So reads the leader headline in yesterday's copy of "The Guardian", a major British newspaper renowned for its strong sense of social commitment.The paper has conducted an opinion poll (it doesn't say how big the sample was) of which 63% answered "Yes" to the question "Do you think Britain is too close to the United States?" Strong opposition indeed to Mr Blair's close working relationship with President Bush. Only 30% are in accord that the balance of national interest is about right in the "special relationship" that was portrayed by "Private Eye" magazine as Ronald Regan carrying Margaret Thatcher over some threshold of connubial bliss in a parody of the scene from "Gone with the Wind."
It is recent events in the Middle East - and fears for what may yet come to pass - that have almost certainly tipped the scales of favour away from the U.S. The Israel-Lebanon situation has yet to improve (praying to God that it will - that He will ultimately bring sanity to the world), and I note the names "Syria" and most dangerously "Iran" being referred to in the British media as effectively rogue states who are acting against the interests of a peace resolution. Iraq continues to provide an unstable backdrop, on the edges of both Syria and Iran, and it seems that an awful curve of conflict might be sketched across a map of this region, from the western Mediterranean shores to and on through Afghanistan, to the opposing cave of the oil-thirsty dragon in the east.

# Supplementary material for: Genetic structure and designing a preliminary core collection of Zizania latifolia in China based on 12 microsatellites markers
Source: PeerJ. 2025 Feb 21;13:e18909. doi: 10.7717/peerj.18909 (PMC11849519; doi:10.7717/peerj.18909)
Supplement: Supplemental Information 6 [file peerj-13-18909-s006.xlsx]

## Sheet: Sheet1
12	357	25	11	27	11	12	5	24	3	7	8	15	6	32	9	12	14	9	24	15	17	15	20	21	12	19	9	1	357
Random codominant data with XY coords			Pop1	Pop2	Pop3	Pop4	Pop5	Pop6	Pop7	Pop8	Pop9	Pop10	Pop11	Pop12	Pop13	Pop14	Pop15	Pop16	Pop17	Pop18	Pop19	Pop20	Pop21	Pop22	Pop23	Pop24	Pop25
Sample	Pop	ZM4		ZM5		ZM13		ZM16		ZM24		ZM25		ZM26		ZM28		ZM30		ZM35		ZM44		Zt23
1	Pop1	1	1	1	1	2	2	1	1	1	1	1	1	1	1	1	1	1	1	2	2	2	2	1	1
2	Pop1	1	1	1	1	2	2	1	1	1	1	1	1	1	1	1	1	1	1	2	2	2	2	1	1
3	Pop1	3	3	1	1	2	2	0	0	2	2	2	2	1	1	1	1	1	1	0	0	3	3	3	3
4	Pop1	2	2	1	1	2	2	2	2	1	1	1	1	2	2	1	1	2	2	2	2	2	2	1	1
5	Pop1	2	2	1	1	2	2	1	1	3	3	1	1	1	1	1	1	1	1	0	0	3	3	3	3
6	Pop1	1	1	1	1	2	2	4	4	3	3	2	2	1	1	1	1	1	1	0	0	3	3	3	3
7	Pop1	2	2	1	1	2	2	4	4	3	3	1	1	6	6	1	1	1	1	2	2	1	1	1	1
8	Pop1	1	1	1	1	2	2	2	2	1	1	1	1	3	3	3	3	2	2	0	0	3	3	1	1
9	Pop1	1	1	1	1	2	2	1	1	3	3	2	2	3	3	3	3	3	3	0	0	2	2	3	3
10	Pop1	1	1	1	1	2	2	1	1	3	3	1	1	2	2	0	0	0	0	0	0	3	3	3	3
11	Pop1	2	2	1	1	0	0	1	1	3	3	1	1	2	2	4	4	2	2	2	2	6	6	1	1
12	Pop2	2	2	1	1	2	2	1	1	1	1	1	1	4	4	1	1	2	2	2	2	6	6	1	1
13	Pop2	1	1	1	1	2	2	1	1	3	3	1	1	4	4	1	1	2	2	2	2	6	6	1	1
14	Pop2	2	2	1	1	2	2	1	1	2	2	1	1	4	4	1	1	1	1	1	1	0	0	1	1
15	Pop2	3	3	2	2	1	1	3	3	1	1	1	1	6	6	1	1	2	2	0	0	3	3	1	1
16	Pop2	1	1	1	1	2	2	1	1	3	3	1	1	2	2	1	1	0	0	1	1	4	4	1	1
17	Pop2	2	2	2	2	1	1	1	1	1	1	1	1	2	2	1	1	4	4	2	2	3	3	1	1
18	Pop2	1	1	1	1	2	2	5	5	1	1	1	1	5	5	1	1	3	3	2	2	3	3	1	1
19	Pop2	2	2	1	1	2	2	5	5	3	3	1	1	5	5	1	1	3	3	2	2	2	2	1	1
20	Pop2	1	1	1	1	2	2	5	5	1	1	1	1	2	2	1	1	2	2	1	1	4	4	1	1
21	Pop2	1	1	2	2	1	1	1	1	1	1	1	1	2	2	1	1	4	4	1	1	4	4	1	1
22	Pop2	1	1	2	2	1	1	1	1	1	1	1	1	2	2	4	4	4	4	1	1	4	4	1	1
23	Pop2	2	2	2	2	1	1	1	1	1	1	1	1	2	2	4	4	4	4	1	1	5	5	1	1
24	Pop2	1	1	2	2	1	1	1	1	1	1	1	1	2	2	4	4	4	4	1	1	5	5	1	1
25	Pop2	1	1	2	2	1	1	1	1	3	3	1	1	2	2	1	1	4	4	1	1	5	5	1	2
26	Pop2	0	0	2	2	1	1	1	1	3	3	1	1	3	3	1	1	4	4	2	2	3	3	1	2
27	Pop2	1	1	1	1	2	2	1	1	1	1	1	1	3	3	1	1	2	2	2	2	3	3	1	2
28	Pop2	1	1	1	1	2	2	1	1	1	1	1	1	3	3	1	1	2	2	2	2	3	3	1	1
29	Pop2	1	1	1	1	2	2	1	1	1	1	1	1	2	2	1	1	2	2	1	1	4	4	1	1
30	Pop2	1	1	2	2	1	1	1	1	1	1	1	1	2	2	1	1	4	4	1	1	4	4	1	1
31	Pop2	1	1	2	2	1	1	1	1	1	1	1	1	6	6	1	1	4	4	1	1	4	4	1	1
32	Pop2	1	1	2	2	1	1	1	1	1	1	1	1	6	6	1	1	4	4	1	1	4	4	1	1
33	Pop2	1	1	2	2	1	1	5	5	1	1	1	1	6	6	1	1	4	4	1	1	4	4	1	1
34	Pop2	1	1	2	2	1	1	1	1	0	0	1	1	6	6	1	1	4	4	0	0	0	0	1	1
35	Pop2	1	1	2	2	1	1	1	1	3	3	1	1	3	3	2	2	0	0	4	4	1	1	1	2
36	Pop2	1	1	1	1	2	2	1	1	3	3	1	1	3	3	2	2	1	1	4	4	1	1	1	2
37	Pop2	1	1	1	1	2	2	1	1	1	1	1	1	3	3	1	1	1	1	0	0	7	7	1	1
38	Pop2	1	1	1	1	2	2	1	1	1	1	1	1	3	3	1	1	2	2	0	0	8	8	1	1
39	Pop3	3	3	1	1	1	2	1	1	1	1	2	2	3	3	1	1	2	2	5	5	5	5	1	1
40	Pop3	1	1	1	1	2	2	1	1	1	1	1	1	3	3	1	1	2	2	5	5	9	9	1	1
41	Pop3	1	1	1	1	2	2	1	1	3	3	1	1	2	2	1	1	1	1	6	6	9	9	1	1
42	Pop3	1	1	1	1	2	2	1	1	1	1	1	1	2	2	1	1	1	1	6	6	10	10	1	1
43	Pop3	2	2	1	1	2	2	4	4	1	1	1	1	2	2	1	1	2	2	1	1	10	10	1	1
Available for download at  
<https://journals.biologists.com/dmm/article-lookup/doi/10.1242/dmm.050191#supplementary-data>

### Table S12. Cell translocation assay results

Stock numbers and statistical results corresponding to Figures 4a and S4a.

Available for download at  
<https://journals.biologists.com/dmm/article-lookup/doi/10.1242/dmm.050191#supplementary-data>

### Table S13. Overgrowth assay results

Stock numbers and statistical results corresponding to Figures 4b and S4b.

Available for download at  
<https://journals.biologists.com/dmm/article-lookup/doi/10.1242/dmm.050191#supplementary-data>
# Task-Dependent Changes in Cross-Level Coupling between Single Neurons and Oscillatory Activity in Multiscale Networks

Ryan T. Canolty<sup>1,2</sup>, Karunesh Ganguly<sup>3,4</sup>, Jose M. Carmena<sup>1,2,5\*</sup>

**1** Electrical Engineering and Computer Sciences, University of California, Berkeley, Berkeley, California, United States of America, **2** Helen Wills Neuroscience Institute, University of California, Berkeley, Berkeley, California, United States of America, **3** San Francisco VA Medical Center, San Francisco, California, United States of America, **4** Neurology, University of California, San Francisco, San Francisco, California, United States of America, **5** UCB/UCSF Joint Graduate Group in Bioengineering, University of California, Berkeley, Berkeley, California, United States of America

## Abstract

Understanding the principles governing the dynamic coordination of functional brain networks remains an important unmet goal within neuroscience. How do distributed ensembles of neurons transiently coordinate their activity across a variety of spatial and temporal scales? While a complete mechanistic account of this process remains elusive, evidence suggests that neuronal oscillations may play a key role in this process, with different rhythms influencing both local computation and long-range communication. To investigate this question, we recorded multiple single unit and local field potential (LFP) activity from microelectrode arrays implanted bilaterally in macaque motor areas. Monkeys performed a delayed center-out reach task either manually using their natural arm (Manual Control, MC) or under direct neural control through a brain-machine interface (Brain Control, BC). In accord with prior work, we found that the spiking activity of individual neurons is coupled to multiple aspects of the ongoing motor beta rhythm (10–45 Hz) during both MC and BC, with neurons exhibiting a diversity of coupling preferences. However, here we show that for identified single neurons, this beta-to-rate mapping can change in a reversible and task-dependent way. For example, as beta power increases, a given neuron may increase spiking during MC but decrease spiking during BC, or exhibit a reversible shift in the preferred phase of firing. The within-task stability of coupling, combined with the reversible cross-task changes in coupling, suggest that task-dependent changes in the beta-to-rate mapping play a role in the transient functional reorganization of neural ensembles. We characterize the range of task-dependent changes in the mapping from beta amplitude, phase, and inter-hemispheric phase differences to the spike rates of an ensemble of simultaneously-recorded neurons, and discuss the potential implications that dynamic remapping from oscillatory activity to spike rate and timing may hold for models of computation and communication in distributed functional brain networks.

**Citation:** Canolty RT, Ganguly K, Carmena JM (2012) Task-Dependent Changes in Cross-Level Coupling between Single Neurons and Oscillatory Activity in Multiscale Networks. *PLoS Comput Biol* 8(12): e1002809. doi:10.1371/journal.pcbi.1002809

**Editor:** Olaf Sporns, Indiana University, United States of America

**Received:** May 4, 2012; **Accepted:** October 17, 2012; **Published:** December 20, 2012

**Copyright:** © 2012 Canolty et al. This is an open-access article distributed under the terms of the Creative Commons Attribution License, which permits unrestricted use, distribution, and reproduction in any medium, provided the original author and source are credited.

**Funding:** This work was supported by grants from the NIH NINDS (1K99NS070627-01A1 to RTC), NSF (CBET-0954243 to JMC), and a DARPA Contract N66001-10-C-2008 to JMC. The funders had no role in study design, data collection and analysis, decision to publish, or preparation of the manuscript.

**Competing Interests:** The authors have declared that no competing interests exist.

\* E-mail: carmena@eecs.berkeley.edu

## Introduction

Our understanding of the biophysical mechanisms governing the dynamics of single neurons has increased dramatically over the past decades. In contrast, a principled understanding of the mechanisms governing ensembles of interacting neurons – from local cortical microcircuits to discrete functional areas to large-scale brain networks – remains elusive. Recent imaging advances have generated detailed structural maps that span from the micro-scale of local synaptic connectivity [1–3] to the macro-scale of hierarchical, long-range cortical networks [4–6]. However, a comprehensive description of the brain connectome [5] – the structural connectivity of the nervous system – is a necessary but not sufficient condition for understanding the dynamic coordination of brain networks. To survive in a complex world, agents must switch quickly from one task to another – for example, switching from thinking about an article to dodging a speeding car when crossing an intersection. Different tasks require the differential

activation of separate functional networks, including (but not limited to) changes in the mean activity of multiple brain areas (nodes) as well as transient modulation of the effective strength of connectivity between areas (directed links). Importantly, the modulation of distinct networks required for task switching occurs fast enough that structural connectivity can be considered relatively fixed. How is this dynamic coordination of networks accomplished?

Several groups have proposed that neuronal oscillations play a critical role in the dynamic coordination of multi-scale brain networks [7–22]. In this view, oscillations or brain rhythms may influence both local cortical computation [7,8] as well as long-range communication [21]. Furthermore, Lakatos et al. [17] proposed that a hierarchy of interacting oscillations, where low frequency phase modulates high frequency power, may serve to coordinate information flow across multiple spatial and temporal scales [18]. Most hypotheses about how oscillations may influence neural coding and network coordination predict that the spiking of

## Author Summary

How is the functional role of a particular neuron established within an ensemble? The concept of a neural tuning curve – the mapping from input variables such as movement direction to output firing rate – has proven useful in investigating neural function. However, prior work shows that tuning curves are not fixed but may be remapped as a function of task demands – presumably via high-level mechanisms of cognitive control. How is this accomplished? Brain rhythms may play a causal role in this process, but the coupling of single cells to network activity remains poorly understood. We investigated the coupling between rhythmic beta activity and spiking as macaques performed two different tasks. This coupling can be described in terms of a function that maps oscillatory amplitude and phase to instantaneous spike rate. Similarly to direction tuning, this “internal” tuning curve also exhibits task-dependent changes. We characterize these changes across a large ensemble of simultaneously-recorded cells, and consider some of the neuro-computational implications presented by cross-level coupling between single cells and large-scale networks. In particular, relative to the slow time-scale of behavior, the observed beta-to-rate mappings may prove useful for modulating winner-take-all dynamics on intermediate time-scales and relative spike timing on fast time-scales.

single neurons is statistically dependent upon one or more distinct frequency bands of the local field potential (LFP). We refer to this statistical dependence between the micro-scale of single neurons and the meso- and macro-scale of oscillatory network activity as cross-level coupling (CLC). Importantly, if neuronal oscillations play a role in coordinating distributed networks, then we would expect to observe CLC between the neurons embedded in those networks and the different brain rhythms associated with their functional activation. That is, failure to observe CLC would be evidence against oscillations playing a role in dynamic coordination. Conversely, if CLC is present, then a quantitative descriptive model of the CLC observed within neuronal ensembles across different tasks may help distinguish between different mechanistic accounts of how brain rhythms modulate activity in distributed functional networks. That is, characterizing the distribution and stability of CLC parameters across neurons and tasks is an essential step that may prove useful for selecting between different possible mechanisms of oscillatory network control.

The inability to resolve the WTO issue over Russia's membership at the G8 summit, and the inadvertent broadcast of Mr Blair's conversation with George Bush there, all contribute to a rising distrust as to what this liaison may yet deliver in the political pipeline to the U.K. Even a majority of Labour supporters who traditionally are more supportive of Mr Blair's position on foreign policy, think that he has miscalculated the demands of the relationship: the opposition among the potential voters runs at 54% (Labour), 68% (Conservative, so that's not too surprising) and 83% (Liberal Democrats, which is even less surprising); however, the trend is one of dissent.
As the fire continues to heat, only 22% of the poll believe that Israel has reacted in proportion to the kidnapping of soldiers and other attacks from militant groups in southern Lebanon. Israel has made emphatic efforts to reassure the international community that its actions are reasonable, in light of the attacks on its own soil, including missile strikes on the north of the country.
At a recent press conference, Mr Blair defended his position and expressed sympathy for the Lebanese. He said, "What is occurring in Lebanon at the present time is a catastrophe. Anybody with any humanity wants what is happening to stop and stop now." Who could not wholeheartedly endorse his words? However, the rider is as he put it, "But if it is to stop, it must stop on both sides." There lies the bugbear.
There are also fears that the U.K. armed forces are working at virtually the limits of their resources, and there is a growing feeling from the survey that British troops are doing more harm than good through their presence in both Iraq and Afghanistan. Just 19% of those surveyed think that the military presence in Iraq is making progress.
As the news of further deaths, both military and civilian, is broadcast back to Blighty in a constant and near daily stream of desensitisation, there is little to compel any view that "liberation" is anywhere soon the horizon.